Silverlight 2 and Fuzzy Math

silverlight-fuzzy.jpgThis past week Microsoft released Silverlight 2. While Silverlight 1.0 focused principally on online video applications, Silverlight 2 is the first version of Microsoft’s cross-browser runtime environment that serves as a fully expressive platform for developing rich Internet applications (RIAs).

What we now know as Silverlight 2 was originally announced as Silverlight 1.1, but the feature set was sufficiently advanced relative to Silverlight 1 that Microsoft decided to dub it version 2. That PR-based numerical legerdemain has now been followed by a slew of fuzzy statistics in Microsoft’s Silverlight 2 press release.

As with Internet search, Microsoft is playing catch-up in the cross-platform RIA space. In this arena the incumbent is not Google but, rather, Adobe Systems. According to numbers cited by Adobe based on a Millward Brown survey conducted in June 2008, that company’s Flash Player is installed on 99.0 percent of Internet-enabled PCs “in mature markets” (the later defined as including the U.S., Canada, U.K., France, Germany, and Japan).

Microsoft realizes that reaching ubiquity — or, at least, a sufficient “tipping point” where one can assume that most users have the runtime environment installed — is critical for success. Their press release announcing Silverlight 2 contains a number statements regarding how widely the Silverlight platform is deployed, starting with the title: “Microsoft Releases Silverlight 2, Already Reaching One in Four Consumers Worldwide.” But the numbers in the release provide little insight into the actual penetration of Silverlight on computer systems.

The “one in four” number comes from a quote in the release from Microsoft corporate vice president Scott Guthrie who states, “We launched Silverlight just over a year ago, and already one in four consumers worldwide has access to a computer with Silverlight already installed.”

It was one year ago that Microsoft launched Silverlight 1.0. So Guthrie’s quote presumably pertains to any version of Silverlight, not the various beta versions of Silverlight 2 (just as Adobe’s 99% figure includes all versions of the Flash Player). But the headline “Microsoft Releases Silverlight 2, Already Reaching One in Four Consumers Worldwide” blurs the distinction about which versions are being referenced.

Perhaps more significant is the precise wording of Guthrie’s “one in four” statement. The statistic refers to the number of consumers who have “access to a computer with Silverlight already installed.” Some commentators have taken this has indicating a penetration of 25 percent in a manner comparable to the Adobe statistic. But others, such as the Seattle Times’ Ben Romano (via Ryan Stewart), note that Guthrie’s words imply that Microsoft and Adobe are using different measures.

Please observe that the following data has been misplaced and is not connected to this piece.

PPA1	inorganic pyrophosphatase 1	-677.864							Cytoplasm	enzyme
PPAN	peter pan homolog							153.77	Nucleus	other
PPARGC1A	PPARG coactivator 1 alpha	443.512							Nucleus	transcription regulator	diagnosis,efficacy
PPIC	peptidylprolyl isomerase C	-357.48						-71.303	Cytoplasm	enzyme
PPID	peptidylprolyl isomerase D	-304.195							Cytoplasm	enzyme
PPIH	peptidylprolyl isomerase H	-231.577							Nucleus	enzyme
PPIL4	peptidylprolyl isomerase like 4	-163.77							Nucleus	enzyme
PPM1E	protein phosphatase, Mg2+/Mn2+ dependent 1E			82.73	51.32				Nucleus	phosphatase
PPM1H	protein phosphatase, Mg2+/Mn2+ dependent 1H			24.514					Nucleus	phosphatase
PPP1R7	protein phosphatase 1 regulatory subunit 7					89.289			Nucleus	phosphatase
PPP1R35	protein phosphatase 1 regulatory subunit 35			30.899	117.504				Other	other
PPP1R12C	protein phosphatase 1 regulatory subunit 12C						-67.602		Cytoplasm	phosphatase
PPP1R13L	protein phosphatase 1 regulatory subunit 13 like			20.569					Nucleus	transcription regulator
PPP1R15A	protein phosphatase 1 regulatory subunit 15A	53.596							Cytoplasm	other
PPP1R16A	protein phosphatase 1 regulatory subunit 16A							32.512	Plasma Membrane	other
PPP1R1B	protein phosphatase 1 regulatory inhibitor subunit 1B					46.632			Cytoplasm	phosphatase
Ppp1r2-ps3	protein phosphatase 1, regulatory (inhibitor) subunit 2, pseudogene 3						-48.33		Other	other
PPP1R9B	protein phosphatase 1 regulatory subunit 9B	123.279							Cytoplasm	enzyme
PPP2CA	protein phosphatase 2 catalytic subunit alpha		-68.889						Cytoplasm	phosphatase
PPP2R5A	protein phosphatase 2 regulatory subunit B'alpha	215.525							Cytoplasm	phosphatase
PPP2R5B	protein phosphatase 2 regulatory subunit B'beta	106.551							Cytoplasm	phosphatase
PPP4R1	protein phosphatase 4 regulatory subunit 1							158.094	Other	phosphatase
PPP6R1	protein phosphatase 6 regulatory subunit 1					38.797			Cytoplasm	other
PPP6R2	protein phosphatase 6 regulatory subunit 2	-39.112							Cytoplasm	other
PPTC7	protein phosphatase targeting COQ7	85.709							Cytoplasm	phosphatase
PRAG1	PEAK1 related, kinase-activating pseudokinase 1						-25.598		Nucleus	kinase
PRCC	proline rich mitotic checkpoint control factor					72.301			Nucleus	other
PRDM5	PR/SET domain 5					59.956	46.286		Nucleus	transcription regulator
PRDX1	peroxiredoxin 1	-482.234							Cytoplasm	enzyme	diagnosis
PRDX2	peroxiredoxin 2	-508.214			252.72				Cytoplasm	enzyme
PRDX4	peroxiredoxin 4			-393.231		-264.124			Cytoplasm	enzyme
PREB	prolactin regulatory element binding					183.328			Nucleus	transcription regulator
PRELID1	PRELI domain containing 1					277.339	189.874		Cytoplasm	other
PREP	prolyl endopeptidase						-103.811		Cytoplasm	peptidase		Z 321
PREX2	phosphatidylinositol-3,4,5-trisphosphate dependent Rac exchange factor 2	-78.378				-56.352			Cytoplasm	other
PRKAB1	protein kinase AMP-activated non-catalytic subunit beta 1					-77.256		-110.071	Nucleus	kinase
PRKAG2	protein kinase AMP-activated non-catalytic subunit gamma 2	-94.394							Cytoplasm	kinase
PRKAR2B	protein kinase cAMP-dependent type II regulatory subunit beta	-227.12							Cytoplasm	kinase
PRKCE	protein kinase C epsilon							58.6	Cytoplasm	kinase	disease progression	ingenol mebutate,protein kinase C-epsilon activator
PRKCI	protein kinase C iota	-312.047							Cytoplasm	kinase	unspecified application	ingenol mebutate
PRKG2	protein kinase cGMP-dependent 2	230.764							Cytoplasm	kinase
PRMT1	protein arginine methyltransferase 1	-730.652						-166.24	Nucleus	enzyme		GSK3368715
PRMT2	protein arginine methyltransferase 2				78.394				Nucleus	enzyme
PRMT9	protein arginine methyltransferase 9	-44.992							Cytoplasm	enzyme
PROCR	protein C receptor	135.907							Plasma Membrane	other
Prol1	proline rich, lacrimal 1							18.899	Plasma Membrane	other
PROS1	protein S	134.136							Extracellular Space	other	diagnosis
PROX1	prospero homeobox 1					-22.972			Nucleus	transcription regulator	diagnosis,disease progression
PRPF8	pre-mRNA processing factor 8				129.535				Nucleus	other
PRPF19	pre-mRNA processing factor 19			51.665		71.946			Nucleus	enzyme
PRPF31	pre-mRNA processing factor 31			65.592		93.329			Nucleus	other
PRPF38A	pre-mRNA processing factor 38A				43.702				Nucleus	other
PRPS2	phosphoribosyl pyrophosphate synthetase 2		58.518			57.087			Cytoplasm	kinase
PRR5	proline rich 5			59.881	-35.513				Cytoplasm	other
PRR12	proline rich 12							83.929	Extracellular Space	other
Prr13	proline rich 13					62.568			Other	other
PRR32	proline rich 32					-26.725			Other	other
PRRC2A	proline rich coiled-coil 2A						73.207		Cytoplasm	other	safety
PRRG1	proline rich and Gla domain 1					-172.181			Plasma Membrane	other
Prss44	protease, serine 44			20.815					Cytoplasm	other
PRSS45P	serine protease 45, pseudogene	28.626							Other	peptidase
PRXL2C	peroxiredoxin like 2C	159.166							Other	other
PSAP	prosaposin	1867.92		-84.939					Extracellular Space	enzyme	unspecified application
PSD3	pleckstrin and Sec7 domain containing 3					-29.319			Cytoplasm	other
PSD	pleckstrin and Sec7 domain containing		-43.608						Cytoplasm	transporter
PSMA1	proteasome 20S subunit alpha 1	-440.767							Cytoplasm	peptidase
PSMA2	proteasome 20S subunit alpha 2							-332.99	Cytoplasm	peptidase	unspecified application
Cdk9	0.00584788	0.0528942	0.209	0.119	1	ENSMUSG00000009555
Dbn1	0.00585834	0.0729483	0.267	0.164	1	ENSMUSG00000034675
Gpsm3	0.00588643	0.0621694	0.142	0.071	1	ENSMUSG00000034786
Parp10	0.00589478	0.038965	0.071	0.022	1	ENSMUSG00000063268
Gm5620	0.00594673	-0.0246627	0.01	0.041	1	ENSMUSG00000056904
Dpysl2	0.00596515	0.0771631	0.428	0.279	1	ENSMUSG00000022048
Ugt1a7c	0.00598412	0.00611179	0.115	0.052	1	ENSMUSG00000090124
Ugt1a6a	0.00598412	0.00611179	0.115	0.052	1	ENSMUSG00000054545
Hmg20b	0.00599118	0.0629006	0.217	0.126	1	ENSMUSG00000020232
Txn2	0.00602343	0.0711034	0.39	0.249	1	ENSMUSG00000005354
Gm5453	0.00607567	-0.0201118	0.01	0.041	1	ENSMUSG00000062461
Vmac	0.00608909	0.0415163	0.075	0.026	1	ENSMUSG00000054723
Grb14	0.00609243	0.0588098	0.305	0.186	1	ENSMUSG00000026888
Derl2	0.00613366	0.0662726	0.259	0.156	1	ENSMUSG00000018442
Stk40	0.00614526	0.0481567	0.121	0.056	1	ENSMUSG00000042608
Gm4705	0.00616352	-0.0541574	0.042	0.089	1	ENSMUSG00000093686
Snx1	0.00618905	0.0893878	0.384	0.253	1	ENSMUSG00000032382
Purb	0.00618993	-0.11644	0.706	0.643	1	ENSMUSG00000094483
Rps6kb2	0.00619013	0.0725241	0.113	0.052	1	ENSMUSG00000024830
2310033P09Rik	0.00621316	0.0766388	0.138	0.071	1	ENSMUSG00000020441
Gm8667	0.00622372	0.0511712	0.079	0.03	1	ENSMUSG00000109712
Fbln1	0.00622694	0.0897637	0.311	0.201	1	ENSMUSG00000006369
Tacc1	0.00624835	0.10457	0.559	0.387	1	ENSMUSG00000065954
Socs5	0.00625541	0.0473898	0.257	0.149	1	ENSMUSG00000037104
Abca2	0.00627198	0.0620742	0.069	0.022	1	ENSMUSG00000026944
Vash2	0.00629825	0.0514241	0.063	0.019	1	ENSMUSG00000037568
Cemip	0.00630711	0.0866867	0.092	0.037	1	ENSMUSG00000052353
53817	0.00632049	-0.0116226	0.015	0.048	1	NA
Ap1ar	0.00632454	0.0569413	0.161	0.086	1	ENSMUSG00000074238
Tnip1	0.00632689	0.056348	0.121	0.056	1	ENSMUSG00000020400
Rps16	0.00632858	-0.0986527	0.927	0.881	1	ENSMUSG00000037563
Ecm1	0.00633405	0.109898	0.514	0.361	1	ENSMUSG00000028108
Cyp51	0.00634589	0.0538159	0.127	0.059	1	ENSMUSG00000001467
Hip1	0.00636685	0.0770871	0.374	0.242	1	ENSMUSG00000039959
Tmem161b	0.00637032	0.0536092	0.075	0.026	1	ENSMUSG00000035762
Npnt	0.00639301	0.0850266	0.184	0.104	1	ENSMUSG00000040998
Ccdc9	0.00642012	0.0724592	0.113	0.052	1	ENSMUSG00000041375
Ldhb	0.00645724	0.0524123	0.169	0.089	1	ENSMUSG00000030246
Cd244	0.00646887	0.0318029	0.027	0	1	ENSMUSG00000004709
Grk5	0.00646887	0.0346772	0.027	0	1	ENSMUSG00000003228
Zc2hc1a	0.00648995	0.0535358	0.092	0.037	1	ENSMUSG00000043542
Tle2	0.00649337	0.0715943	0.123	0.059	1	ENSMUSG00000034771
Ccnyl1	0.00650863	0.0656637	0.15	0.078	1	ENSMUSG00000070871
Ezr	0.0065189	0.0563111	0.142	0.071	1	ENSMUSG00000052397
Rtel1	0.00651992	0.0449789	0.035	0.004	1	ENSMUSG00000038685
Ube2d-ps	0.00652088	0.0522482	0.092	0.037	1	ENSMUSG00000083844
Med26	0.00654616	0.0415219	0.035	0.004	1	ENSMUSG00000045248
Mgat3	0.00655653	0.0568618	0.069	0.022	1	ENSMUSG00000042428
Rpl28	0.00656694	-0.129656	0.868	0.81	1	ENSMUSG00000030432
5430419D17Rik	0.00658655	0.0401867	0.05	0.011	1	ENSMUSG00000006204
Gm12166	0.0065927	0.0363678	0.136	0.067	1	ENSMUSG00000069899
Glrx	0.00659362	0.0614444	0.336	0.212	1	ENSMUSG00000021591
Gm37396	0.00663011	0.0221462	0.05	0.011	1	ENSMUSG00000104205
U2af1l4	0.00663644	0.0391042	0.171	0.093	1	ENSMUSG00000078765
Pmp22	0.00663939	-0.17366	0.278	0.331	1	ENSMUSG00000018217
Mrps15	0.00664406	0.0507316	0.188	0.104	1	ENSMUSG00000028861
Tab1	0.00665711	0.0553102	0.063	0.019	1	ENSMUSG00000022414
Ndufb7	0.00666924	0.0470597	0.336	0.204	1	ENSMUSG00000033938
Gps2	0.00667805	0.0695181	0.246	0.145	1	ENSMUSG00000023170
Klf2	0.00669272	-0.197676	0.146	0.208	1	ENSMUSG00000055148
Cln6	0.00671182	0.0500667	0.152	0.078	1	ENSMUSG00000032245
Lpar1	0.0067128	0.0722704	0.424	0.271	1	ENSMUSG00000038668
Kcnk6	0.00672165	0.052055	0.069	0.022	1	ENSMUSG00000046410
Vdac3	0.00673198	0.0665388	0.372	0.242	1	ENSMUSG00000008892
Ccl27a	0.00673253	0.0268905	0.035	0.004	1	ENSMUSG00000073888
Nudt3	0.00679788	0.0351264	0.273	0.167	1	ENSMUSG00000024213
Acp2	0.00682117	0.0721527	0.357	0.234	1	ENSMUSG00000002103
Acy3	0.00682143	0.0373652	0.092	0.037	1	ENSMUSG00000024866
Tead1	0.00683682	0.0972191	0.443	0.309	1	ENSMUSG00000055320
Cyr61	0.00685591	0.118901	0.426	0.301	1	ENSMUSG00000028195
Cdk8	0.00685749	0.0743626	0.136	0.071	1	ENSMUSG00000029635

Adobe’s number specifies the percentage of computers with Flash installed. Microsoft is measuring percentage of people with “access to” Silverlight. Since many individuals have access to multiple computers — at home, at school, at their business — this latter statistic doesn’t tell us much about the relative penetration of Silverlight on computers.

There are more fuzzy numbers in Microsoft’s release. In the next paragraph the release states, “Silverlight adoption continues to grow rapidly, with penetration in some countries approaching 50 percent….” This naturally raises the question: Which countries? The U.S.? Canada? China? Luxembourg? Vatican City? It makes a difference.

More detailed numbers follow but provide little perspective on the depth of Silverlight adoption. We read that during 2008 Olympics Games in Beijing, NBCOlympics.com “had more than 50 million unique visitors” (although we don’t know how many had Silverlight installed). The “70 million video streams and 600 million minutes of video watched” would have required Silverlight, but we don’t know how many streams were viewed per user, so we don’t know the number of unique viewers with Silverlight. Even if we did know the percentage of users with Silverlight on the Olympics site, this would not be a representative sample Internet users or computer systems.

The relative measure cited for the increase in Silverlight deployment as a result of the Olympics coverage —  “Silverlight market penetration in the U.S. [increased] by more than 30 percent” — isn’t helpful unless you know the base number of systems with Silverlight before the increase.

All of this number juggling indicates how important distribution is to the success of an RIA runtime environment. Microsoft, no doubt, will persist until Silverlight is widely available on Windows and Mac (and maybe Linux) computers. But how far they have yet to go to achieve this is unclear at present.

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